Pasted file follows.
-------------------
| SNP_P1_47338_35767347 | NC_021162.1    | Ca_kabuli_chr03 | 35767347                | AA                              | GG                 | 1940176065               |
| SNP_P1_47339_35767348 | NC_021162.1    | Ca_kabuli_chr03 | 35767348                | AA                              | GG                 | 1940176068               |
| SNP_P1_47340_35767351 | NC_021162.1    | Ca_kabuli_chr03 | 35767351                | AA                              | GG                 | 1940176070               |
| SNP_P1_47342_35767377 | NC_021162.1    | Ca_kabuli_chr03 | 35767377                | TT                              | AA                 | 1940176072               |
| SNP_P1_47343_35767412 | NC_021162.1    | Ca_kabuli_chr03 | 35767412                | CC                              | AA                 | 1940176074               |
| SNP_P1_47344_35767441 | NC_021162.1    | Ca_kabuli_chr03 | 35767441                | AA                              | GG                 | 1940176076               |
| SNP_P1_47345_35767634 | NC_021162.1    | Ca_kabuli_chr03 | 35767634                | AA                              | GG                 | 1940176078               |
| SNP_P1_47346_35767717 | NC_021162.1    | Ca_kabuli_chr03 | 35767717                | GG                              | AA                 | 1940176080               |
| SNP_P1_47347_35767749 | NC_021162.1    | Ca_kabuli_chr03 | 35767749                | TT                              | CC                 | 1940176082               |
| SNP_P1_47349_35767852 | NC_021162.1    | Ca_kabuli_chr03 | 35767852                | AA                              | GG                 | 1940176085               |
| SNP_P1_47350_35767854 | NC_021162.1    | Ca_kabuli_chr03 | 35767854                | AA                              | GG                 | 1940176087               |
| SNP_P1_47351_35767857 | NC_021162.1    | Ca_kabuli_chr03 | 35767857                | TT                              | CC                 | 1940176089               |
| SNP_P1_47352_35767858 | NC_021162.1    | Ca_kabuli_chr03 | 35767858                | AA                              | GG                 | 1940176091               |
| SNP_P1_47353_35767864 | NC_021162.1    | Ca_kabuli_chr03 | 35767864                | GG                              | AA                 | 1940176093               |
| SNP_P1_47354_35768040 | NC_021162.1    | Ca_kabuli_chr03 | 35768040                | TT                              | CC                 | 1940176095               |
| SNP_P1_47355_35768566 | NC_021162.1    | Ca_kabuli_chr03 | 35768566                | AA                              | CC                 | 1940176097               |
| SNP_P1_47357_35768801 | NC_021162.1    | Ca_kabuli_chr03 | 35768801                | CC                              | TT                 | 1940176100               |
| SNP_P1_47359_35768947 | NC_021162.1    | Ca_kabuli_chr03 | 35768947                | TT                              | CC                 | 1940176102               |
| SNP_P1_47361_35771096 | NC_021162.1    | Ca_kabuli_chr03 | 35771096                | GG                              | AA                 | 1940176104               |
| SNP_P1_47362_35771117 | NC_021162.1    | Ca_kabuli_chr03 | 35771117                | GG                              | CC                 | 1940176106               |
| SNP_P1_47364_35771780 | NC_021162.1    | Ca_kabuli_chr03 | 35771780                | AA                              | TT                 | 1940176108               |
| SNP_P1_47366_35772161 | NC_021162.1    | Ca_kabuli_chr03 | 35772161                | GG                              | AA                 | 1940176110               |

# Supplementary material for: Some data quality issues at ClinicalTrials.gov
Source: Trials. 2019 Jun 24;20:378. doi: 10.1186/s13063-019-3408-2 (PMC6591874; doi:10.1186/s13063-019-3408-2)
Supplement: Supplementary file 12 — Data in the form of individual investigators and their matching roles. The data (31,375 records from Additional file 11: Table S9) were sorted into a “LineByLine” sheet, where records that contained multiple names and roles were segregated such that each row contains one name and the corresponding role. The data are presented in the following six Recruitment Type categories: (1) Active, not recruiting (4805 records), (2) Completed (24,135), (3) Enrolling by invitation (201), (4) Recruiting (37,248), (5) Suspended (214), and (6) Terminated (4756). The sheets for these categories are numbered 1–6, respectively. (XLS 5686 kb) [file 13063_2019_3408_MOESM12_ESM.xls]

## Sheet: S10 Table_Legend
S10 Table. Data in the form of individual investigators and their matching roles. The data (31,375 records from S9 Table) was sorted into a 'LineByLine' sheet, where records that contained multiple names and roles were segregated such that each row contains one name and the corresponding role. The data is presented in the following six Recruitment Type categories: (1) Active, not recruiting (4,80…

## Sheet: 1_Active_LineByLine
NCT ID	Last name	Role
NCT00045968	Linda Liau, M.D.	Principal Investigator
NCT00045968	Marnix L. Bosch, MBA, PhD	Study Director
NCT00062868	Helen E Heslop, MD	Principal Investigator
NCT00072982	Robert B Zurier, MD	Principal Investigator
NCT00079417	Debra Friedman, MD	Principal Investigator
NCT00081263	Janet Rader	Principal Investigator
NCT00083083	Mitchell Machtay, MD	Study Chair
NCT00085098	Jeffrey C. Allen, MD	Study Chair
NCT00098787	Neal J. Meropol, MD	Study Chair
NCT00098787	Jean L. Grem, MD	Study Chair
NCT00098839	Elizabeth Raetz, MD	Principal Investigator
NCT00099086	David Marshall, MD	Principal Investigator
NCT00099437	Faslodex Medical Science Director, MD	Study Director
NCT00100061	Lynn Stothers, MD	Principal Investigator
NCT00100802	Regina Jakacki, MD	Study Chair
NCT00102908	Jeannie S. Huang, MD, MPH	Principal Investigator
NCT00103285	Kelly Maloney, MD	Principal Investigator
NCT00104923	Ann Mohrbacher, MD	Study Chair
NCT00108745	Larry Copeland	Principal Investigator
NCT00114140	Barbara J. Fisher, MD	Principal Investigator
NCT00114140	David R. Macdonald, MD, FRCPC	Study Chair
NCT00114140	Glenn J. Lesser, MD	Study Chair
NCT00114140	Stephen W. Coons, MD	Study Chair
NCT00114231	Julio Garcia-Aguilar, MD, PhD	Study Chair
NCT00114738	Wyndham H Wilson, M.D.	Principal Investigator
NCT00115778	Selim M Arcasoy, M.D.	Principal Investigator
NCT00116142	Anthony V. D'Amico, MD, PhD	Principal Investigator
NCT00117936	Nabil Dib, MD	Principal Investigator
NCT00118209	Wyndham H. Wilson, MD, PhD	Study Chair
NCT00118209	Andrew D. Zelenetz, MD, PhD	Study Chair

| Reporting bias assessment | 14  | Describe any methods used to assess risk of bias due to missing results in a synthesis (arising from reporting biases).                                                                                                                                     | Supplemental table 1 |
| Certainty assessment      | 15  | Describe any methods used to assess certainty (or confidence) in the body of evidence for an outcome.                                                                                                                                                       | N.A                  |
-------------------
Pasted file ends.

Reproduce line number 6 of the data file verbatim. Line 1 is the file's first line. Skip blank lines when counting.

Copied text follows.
| SNP_P1_47344_35767441 | NC_021162.1    | Ca_kabuli_chr03 | 35767441                | AA                              | GG                 | 1940176076               |